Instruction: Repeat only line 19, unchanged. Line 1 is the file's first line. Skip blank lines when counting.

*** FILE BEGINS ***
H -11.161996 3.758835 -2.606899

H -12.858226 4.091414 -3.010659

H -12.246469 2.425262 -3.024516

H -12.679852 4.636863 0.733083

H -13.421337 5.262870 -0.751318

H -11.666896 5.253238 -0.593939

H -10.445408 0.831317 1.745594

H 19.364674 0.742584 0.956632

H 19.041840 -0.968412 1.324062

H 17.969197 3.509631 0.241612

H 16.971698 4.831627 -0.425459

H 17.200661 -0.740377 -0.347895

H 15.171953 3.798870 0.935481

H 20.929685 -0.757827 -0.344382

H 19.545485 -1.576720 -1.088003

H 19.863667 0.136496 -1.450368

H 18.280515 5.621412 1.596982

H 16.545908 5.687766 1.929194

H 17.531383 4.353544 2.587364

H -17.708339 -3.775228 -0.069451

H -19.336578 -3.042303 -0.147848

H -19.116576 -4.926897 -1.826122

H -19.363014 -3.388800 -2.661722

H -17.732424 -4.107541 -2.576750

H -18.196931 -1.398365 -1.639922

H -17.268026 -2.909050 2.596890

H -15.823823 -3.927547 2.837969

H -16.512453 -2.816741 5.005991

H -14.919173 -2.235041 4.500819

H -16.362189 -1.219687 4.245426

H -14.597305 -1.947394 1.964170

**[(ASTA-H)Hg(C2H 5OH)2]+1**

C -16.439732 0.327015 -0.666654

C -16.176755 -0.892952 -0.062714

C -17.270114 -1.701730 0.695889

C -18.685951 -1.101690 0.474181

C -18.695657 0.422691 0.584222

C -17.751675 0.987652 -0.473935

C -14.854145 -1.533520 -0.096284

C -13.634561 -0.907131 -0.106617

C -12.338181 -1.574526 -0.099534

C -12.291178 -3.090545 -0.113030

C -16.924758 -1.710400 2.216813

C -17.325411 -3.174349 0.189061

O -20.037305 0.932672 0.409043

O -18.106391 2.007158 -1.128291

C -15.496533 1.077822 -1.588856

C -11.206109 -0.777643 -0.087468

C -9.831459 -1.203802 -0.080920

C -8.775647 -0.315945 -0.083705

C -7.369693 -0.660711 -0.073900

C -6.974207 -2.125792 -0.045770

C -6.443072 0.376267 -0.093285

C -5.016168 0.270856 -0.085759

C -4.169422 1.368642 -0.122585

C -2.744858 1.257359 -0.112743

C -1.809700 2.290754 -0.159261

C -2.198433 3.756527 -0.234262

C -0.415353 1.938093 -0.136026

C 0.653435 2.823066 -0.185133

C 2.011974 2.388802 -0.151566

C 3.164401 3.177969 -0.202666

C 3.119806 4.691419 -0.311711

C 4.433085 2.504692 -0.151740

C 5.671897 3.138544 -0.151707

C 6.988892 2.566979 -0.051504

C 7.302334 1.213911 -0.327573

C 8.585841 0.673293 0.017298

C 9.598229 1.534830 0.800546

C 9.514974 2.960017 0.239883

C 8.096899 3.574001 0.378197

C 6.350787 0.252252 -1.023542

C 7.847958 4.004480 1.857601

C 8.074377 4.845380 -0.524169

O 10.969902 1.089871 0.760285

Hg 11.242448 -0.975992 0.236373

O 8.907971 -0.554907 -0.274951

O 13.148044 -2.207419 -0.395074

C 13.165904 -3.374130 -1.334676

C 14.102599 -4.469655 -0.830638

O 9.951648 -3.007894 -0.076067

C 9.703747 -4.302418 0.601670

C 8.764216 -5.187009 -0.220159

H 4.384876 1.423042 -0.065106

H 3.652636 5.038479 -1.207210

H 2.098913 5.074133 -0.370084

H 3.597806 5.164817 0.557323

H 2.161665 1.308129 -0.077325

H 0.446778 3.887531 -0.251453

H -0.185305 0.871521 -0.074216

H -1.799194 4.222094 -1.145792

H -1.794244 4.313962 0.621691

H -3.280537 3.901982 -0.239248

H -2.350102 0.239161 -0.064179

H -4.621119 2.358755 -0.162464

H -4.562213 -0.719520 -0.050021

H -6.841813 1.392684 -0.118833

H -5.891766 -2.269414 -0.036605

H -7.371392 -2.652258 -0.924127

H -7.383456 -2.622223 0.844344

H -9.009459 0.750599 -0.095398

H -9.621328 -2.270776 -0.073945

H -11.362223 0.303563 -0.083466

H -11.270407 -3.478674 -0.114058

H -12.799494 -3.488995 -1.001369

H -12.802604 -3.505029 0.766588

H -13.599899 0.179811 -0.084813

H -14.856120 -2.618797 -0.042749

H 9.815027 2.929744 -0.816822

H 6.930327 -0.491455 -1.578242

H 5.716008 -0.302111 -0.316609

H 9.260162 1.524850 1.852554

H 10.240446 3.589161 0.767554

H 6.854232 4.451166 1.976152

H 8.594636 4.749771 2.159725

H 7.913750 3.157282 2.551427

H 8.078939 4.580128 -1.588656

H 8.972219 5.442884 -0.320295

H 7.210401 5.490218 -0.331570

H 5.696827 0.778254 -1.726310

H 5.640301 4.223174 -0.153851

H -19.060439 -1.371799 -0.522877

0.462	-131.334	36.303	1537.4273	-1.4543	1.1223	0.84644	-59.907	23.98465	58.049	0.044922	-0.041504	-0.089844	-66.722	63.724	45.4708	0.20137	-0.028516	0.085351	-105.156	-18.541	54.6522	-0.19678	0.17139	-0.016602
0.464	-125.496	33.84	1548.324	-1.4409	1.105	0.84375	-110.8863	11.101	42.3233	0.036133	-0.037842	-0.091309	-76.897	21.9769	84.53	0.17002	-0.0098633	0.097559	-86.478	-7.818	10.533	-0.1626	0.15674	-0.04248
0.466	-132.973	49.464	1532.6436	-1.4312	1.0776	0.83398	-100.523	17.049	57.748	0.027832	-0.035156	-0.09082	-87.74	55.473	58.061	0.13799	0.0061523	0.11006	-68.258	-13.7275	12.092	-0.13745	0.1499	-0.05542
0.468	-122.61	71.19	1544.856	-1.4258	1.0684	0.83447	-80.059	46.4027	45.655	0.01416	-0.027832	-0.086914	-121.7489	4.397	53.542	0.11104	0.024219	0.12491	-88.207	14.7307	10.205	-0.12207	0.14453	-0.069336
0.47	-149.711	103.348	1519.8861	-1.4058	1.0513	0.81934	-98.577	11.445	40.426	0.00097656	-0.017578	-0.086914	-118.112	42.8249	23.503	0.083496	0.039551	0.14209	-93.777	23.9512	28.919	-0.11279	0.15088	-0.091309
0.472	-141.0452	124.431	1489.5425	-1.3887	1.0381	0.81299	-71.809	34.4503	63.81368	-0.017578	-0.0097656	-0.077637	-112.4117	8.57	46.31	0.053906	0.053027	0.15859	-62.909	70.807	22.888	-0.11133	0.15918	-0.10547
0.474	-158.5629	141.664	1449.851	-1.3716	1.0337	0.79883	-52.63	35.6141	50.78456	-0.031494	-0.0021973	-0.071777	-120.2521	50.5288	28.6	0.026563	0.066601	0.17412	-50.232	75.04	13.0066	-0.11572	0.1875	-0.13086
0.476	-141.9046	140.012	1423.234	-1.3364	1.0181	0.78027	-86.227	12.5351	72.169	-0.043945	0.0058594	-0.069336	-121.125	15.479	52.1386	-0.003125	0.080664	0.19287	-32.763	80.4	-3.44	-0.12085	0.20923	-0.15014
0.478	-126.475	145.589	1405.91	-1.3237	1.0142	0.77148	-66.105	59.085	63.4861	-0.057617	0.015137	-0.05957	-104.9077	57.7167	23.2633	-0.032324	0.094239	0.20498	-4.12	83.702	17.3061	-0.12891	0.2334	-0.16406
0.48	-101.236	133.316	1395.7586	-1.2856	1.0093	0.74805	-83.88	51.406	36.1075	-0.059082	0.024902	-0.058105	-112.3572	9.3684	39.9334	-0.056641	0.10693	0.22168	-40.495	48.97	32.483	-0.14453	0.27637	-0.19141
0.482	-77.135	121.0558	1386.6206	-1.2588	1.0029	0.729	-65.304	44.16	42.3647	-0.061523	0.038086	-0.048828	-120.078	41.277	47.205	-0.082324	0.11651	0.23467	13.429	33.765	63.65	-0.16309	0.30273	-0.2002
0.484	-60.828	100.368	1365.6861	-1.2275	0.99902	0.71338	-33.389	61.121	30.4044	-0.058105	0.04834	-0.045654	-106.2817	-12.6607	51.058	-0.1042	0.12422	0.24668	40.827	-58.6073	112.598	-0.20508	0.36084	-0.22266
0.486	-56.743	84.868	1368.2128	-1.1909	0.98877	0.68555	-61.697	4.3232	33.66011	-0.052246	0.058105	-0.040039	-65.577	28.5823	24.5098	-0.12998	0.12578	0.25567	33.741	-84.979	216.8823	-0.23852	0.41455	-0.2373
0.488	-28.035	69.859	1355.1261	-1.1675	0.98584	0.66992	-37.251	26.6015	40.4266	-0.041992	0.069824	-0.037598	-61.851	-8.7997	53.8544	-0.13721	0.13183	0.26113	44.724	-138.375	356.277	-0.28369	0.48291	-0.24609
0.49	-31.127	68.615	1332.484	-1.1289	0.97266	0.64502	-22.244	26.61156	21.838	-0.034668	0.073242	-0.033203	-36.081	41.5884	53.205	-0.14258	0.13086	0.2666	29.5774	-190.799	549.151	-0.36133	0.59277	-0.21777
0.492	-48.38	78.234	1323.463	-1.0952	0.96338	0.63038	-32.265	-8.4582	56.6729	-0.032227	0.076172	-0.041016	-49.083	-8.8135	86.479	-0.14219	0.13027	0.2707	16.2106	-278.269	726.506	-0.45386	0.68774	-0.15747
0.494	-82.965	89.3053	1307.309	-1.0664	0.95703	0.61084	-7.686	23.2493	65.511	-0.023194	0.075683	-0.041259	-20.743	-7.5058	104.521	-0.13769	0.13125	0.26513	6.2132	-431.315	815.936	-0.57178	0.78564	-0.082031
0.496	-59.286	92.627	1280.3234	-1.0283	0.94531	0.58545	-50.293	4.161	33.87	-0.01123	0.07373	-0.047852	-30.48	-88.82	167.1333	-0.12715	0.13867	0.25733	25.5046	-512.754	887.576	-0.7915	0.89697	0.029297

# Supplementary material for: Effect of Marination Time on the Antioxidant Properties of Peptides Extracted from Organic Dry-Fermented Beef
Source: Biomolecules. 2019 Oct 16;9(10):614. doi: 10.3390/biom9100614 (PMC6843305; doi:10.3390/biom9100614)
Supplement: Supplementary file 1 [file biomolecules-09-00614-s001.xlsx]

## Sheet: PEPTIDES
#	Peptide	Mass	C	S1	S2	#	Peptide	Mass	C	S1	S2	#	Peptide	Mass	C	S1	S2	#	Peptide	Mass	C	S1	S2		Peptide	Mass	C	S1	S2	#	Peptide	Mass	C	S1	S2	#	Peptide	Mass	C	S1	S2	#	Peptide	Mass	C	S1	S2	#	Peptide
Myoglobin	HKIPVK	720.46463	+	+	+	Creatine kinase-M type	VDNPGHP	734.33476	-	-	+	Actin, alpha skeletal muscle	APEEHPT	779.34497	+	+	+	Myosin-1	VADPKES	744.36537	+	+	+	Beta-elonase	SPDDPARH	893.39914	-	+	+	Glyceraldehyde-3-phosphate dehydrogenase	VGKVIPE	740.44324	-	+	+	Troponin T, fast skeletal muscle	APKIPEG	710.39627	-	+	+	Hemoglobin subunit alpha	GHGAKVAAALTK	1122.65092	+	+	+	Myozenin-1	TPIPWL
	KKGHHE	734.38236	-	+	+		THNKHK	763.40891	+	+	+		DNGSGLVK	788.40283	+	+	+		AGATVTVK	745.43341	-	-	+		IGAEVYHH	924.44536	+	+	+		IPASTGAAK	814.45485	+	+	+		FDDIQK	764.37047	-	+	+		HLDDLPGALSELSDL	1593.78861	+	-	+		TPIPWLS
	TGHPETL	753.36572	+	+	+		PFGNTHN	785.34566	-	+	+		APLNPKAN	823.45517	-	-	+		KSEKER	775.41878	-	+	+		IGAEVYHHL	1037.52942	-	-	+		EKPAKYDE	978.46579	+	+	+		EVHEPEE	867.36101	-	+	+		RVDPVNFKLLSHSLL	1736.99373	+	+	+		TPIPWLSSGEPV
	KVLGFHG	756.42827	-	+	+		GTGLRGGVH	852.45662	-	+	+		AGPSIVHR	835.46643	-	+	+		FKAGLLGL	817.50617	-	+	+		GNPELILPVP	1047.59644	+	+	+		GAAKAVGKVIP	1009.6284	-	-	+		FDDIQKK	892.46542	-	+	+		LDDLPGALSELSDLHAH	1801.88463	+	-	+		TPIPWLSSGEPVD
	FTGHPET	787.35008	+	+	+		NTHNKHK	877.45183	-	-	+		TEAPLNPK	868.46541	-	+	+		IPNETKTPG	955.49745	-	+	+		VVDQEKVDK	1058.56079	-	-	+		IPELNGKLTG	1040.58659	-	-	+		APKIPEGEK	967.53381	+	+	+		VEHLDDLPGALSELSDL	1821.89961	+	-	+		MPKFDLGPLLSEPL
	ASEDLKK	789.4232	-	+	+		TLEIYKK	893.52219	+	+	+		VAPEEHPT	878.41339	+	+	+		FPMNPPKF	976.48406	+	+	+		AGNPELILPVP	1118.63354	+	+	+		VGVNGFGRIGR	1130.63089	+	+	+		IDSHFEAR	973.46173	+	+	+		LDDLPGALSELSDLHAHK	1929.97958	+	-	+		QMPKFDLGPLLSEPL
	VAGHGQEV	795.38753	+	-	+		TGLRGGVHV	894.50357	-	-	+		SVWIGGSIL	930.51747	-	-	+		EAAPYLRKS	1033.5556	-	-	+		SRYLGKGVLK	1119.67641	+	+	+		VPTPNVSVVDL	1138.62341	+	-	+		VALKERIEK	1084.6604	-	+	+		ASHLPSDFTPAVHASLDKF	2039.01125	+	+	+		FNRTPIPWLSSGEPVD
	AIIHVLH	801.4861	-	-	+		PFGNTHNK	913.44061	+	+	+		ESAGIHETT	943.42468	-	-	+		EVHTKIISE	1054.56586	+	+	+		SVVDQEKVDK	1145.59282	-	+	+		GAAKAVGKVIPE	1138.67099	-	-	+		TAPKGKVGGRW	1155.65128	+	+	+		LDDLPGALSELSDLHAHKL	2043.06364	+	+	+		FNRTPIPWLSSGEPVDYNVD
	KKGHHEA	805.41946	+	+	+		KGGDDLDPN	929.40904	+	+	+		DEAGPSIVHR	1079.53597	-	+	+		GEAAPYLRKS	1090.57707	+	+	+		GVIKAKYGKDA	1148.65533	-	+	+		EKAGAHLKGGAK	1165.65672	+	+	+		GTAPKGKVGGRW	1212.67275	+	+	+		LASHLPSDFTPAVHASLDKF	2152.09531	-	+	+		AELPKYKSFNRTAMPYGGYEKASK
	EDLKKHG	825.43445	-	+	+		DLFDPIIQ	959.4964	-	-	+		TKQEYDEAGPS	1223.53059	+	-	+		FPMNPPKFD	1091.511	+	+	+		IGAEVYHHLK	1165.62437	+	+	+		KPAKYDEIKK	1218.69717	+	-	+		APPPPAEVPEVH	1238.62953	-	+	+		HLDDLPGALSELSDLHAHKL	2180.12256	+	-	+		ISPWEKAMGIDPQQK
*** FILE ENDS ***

H 17.531383 4.353544 2.587364